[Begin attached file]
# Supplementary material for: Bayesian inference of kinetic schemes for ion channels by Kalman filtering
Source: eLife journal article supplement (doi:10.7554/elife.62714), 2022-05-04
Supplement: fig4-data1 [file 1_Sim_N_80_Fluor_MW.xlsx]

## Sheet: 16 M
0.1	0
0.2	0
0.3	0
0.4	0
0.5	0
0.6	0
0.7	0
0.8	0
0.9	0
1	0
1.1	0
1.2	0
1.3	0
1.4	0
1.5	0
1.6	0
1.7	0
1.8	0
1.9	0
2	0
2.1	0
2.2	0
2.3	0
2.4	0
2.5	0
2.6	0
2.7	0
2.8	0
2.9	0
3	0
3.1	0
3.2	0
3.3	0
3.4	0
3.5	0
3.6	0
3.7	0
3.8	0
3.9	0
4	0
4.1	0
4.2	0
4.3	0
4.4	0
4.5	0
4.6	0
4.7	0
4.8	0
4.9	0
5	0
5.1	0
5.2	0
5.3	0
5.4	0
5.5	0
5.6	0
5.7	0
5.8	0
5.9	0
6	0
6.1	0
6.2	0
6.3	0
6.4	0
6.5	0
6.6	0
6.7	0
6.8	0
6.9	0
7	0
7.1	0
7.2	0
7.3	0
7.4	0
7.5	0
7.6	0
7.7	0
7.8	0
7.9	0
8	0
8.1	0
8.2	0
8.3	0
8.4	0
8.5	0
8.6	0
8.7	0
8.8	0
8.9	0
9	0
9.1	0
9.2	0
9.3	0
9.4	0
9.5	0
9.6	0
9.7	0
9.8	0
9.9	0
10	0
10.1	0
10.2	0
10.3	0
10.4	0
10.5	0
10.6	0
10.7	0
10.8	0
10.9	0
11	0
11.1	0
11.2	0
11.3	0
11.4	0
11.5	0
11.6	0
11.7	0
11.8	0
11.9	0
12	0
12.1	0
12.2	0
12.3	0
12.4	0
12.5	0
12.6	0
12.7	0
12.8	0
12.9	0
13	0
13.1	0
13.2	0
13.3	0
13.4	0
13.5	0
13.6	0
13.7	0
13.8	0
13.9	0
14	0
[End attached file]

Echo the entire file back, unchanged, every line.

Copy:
# Supplementary material for: Bayesian inference of kinetic schemes for ion channels by Kalman filtering
Source: eLife journal article supplement (doi:10.7554/elife.62714), 2022-05-04
Supplement: fig4-data1 [file 1_Sim_N_80_Fluor_MW.xlsx]

## Sheet: 16 M
0.1	0
0.2	0
0.3	0
0.4	0
0.5	0
0.6	0
0.7	0
0.8	0
0.9	0
1	0
1.1	0
1.2	0
1.3	0
1.4	0
1.5	0
1.6	0
1.7	0
1.8	0
1.9	0
2	0
2.1	0
2.2	0
2.3	0
2.4	0
2.5	0
2.6	0
2.7	0
2.8	0
2.9	0
3	0
3.1	0
3.2	0
3.3	0
3.4	0
3.5	0
3.6	0
3.7	0
3.8	0
3.9	0
4	0
4.1	0
4.2	0
4.3	0
4.4	0
4.5	0
4.6	0
4.7	0
4.8	0
4.9	0
5	0
5.1	0
5.2	0
5.3	0
5.4	0
5.5	0
5.6	0
5.7	0
5.8	0
5.9	0
6	0
6.1	0
6.2	0
6.3	0
6.4	0
6.5	0
6.6	0
6.7	0
6.8	0
6.9	0
7	0
7.1	0
7.2	0
7.3	0
7.4	0
7.5	0
7.6	0
7.7	0
7.8	0
7.9	0
8	0
8.1	0
8.2	0
8.3	0
8.4	0
8.5	0
8.6	0
8.7	0
8.8	0
8.9	0
9	0
9.1	0
9.2	0
9.3	0
9.4	0
9.5	0
9.6	0
9.7	0
9.8	0
9.9	0
10	0
10.1	0
10.2	0
10.3	0
10.4	0
10.5	0
10.6	0
10.7	0
10.8	0
10.9	0
11	0
11.1	0
11.2	0
11.3	0
11.4	0
11.5	0
11.6	0
11.7	0
11.8	0
11.9	0
12	0
12.1	0
12.2	0
12.3	0
12.4	0
12.5	0
12.6	0
12.7	0
12.8	0
12.9	0
13	0
13.1	0
13.2	0
13.3	0
13.4	0
13.5	0
13.6	0
13.7	0
13.8	0
13.9	0
14	0